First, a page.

Socialist Worker

Fake alternatives to New Labour

Issue No. 1751

Fake alternatives to New Labour

Lib Dems show their true face

"WE ARE committed to a free market economy in which enterprise thrives. Competition and open markets are by far the best guarantee of wealth creation." Which party's manifesto does this come from? It's not the Tories or New Labour. It's the Liberal Democrats.

The Lib Dems are standing as a bit more left wing than New Labour in an attempt to benefit from the disillusion with the government. They attract a layer of people who want to stay within the mainstream parties but vote for more radical policies than New Labour offers. But, as the quote shows, the Lib Dems are utterly committed to the same business priorities which have made Blair's first term so disastrous.

The Lib Dem manifesto goes on to say, "It is the government's role to ensure the conditions under which competition can flourish. Smaller "Our objectives cannot be achieved without the promotion of enterprise. Labour has over-regulated in some areas."

Much of this section of the manifesto sounds like a Tory one. The difference is that instead of big business the Lib Dems make a special pitch for smaller capitalists. So, for example, the Lib Dems promise to "cut business rates on small businesses".

But big firms are not forgotten. The Lib Dems will fight to "maintain the City of London's pre-eminence as an international finance centre", and will "consult business before introducing any new regulations". All these promises contrast with the incredibly limited treatment of workers' rights. In this area the Lib Dems promise even less than New Labour.


Support for business

  • RAIL: Lib Dems say privatisation has been a "disaster". But their solutions are simply to "reduce the number of rail franchises and encourage Railtrack to pass responsibility for track renewal and repair to the major train operating companies". In other words, they argue for shuffling power from one group of fat cats to another instead of renationalising.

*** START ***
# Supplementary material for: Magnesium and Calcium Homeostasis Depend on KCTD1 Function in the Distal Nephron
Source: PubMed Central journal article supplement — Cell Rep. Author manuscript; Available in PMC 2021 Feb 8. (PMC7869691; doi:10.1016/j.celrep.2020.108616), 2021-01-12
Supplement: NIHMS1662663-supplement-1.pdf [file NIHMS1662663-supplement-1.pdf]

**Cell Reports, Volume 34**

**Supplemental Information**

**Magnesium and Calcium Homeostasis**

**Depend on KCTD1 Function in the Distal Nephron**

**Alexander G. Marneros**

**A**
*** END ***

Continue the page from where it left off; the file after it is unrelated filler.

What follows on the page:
• NHS: The Lib Dems are not opposed to greater use of the private sector inside the NHS. They want to "extend choice into the private sector" for patients. The Private Finance Initiative (PFI) would remain as a central way to fund NHS projects. The Lib Dems just want a "review of the criteria by which PFI contracts are judged, creating a level playing field between different financial options".
  • TAX: Lib Dems do want to tax the rich a bit more, but it is only by a tiny amount. They want a 50 percent tax rate for anyone getting more than �100,000 a year. This means a chief executive on �200,000 a year would pay just �10,000 a year more than under New Labour's plans. Under the Socialist Alliance's plans, this boss would pay �61,000 more than under New Labour. The Lib Dem manifesto also has some warm words about peace and combating global poverty. But they say they will "retain the UK's nuclear deterrent" and "resist further erosion of our defence capability". Their manifesto congratulates the World Trade Organisation for "establishing and maintaining international rules which guarantee equal treatment for all members, large or small".